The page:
Toyota: 2015 Corolla GX station wagon

Toyota: 2015 Corolla GX station wagon

A hippie chick once told me she lived her life without expectations and I told her that was rubbish because everyone has expectations – you expect you can walk over your lawn without falling into a pit of sharpened bamboo spears, for example. Having expectations frees us from uncertainty and constant worry.

Toyota Corolla GX wagon 2015 frontBut it raises an interesting point as to whether we should have as many expectations as we do, so that we don’t get disappointed.

We journalists get to drive a lot of vehicles, so we see what the trends are and we build a set of mental specifications that we expect to see on every car.

Toyota Corolla GX wagon 2015 rear quarterTen years ago Bluetooth connectivity was scarce; now almost every car comes with it.

And so driving the base model of the Corolla is a challenge to my expectations. It does have Bluetooth phone connectivity and streams audio, too (something not absolutely every new car with Bluetooth does), but the stereo itself has an LCD straight outta Toyota Corolla GX wagon 2015 front interiorthe 1990s, and there are no controls on the steering wheel. For anything!

There’s push button start (only on the CVT model we tested, and not on the cheaper manual version) but there are 15-inch steel wheels behind plastic hubcaps and they sport tyres only 175mm wide – narrower than quite a few new motorbikes!

Toyota Corolla GX wagon 2015 dashboardConsequently, the ride is compliant and pleasant.

So we’ve established that Toyota has scrimped on modernising and flashing up some areas. Why would you buy it?

At the basic level, it’s a solid car with an 80kW 138Nm 1.5-litre petrol motor that’s not going to bankrupt you and doesn’t release too many grams of CO2 per kilometre (only 118), a 5-star crash test rating and a sizeable boot that means you can take lots of luggage, business equipment or (most commonly among people with station wagons) air.

Fuel economy is quoted at 4.34l/100km combined cycle. I didn’t get anywhere near this because the Corolla is a stroller off the line. Once it’s moving the gear ratios are set so that you have a bit of overtaking urge, but to get it up to speed requires a lot of throttle.

There are a few things it does well. The turning circle is almost as excellent as a London cab, the brakes are keen and (with the exception of the steel wheels) it looks more expensive than it is with its colour coded bumpers and wing mirrors.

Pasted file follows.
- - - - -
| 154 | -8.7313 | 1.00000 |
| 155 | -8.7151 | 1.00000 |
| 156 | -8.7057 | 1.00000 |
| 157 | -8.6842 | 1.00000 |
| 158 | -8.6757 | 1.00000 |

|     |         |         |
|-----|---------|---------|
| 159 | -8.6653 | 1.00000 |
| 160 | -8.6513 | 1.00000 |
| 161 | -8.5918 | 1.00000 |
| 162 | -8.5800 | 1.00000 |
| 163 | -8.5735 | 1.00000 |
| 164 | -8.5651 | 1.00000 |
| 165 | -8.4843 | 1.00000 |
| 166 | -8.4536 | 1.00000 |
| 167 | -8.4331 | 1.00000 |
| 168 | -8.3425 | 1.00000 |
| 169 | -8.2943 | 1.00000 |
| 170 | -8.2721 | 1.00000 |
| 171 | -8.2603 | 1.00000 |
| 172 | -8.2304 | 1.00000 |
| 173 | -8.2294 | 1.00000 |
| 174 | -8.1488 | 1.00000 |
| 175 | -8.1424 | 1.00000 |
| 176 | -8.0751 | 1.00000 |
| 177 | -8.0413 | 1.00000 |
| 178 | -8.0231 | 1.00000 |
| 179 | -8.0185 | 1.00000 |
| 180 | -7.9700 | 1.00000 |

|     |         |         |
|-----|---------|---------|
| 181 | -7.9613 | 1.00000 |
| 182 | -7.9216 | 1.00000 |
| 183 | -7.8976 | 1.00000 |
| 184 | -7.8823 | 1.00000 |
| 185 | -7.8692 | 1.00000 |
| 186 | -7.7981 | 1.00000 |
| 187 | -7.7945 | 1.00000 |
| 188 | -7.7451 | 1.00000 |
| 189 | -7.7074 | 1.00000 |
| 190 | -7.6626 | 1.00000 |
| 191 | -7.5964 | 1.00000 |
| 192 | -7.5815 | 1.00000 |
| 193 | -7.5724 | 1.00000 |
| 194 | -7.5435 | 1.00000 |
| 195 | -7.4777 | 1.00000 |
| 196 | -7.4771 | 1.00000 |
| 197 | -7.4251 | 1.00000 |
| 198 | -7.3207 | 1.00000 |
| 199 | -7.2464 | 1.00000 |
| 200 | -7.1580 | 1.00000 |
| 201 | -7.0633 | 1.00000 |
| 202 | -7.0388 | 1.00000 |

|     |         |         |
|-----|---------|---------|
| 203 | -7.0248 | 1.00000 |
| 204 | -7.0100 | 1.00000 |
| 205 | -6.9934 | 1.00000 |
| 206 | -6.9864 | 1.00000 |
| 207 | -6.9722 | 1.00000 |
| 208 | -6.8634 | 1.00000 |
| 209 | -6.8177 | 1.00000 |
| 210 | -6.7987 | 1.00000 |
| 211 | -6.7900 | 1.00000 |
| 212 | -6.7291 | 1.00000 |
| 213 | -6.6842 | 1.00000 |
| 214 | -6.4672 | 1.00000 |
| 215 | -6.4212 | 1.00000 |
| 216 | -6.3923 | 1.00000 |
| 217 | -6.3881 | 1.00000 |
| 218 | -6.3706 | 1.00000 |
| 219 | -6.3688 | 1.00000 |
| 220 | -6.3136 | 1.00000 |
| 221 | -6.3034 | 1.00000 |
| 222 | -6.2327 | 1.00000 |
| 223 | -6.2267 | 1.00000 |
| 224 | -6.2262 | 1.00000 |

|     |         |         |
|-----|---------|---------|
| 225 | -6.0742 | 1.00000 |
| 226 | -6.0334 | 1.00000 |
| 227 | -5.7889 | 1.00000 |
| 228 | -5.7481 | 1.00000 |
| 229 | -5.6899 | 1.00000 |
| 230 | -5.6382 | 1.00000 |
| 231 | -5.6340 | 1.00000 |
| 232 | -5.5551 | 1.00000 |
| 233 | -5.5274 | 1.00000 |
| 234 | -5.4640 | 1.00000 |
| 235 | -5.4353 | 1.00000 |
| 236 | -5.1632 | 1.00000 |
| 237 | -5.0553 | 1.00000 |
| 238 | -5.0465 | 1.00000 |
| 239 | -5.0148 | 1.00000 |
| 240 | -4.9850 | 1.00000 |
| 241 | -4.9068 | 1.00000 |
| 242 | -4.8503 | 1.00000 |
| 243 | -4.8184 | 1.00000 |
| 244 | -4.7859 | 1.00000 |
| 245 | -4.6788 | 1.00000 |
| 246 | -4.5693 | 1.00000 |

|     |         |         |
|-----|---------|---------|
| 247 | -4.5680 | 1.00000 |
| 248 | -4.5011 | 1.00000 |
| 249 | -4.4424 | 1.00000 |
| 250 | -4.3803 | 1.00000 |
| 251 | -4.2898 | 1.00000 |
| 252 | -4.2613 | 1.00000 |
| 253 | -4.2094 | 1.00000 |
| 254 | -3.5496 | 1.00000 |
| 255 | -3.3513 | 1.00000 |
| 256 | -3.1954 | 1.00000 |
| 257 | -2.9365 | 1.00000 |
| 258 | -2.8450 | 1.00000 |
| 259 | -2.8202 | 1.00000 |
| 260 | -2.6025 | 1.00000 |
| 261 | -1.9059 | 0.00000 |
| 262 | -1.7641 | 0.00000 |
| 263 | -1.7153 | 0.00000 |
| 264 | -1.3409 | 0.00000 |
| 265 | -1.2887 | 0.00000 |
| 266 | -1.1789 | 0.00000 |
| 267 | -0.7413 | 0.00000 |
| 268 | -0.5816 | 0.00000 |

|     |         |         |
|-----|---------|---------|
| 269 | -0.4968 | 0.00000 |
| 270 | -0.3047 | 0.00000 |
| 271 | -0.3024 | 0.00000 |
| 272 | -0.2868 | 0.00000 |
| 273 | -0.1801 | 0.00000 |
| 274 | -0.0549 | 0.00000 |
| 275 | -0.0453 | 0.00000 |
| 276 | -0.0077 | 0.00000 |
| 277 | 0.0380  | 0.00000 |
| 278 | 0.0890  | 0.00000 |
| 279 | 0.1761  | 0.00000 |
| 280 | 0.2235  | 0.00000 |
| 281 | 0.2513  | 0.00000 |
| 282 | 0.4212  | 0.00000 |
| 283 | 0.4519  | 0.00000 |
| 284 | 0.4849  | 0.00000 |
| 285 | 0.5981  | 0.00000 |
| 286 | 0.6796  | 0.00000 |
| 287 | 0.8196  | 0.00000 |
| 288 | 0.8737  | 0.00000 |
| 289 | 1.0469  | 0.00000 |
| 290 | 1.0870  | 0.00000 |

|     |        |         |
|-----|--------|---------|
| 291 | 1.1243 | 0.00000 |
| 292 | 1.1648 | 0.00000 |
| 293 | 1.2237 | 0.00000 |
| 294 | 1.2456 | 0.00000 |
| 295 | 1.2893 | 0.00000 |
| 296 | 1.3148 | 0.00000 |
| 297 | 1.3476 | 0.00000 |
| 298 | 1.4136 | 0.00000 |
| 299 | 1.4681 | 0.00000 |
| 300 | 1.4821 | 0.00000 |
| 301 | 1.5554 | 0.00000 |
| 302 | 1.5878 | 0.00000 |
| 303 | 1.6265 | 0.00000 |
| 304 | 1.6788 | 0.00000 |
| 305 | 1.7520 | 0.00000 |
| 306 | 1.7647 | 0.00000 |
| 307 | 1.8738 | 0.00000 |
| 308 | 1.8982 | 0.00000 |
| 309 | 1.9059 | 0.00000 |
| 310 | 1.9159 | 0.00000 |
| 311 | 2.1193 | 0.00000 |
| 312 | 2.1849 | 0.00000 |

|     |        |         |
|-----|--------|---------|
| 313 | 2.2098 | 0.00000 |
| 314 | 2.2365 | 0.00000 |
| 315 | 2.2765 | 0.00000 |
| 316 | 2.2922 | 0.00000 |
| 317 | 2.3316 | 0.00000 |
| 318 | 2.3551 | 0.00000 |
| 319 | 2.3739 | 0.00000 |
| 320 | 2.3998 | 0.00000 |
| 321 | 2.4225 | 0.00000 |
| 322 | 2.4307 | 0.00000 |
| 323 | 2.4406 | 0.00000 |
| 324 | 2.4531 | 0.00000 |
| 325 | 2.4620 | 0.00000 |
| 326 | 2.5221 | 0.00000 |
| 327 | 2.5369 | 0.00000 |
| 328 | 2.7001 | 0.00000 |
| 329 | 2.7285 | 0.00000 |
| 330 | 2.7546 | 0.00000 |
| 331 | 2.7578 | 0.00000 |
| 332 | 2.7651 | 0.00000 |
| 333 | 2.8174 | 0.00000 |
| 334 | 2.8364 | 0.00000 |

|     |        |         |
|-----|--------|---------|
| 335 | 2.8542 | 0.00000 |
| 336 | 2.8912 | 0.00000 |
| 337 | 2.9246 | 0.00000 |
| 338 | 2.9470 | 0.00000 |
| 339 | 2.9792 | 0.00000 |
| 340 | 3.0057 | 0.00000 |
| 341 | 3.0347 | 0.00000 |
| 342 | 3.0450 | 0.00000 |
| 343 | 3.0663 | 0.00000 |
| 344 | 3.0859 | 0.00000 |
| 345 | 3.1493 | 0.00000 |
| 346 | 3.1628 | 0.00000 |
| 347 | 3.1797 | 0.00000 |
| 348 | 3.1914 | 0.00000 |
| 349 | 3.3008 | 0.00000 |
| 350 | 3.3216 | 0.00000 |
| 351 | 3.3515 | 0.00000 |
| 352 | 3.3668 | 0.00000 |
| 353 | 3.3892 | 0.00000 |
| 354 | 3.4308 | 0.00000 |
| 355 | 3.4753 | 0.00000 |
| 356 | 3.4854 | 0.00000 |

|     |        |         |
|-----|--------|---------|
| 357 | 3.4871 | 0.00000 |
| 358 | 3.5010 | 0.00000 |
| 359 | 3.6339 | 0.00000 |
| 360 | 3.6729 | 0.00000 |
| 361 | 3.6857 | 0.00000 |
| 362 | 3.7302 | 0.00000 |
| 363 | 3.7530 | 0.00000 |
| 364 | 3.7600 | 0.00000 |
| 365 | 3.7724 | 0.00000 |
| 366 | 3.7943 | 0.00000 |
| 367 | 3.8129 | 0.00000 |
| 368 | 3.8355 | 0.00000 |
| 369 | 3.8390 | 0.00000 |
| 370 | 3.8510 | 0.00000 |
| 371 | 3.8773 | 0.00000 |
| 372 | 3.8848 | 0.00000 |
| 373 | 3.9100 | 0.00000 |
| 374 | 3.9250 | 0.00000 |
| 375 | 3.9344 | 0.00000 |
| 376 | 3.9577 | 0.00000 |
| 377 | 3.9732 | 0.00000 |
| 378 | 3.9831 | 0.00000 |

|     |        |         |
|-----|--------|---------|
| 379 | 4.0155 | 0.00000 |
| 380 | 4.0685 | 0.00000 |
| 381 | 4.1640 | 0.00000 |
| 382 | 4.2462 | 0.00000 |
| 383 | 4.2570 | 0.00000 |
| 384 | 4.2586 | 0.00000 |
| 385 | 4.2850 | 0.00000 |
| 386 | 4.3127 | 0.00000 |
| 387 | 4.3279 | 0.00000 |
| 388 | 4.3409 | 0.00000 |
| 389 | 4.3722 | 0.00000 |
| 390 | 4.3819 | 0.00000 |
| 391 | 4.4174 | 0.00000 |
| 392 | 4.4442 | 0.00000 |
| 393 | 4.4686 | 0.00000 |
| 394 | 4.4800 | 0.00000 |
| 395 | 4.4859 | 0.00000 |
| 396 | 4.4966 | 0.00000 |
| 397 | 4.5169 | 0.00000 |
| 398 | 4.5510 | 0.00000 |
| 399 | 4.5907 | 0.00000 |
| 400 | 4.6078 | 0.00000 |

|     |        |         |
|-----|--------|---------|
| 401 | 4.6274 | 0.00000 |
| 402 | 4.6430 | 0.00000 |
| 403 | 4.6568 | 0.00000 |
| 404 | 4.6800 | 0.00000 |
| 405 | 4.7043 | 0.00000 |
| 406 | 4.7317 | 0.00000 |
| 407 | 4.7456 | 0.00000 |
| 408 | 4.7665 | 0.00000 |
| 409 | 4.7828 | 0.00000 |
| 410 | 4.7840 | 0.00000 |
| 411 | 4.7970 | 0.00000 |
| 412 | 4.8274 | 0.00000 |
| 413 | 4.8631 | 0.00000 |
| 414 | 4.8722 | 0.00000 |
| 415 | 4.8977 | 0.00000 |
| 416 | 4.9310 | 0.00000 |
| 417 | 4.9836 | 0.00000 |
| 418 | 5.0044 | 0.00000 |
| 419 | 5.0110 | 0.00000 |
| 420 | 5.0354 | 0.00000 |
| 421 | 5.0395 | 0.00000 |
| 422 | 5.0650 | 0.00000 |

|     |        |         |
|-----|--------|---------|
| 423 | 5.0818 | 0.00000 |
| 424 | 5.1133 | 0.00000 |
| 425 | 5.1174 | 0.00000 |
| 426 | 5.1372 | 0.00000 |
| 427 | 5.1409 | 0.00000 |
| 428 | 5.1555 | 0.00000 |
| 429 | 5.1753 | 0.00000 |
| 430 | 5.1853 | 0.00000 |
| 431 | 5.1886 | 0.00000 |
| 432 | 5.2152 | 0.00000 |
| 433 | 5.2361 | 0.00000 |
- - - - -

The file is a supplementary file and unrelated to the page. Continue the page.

Safety technology is included such as six air bags, anti-lock brakes, electronic brake force distribution, brake override system (it ensures brakes take priority over the accelerator), brake assist, vehicle stability control, and traction control.

There’s no reversing sensor which I think is a critical omission as sensors help keep kids safe in driveways, and when you put the gearbox in reverse it beeps a constant warning which is both distracting and unnecessary.

There’s manual air conditioning and manual seat adjustment, plus a clever remote folding function to help you fold the rear seats flat which opens up the Corolla’s 872-litre luggage space.

This isn’t enormous, but then neither is the Corolla which makes it quite good for parking in the city. Other cabin storage includes a double glovebox and a central binnacle, along with cup holders.

The driving experience is suitably bland (as per my expectations), and that’s exactly what you want it to be. The engineers made sure it goes around corners fairly well; the best feature is the brakes, though. At only 1125kg kerb weight, they don’t need to stop that much.

Expectations are powerful, and the Toyota has the biggest expectation of all working in its favour: people expect Toyotas to be good.

Good is subjective and if your primary reason for buying a car is to get the safest, most practical Toyota for as cheap as possible, it’s likely that this Corolla is what you would expect.

Price: $27,990 as tested, or $25,990 if you’re happy with a manual gearbox


  • Cheap and roomy


  • Slow off the line

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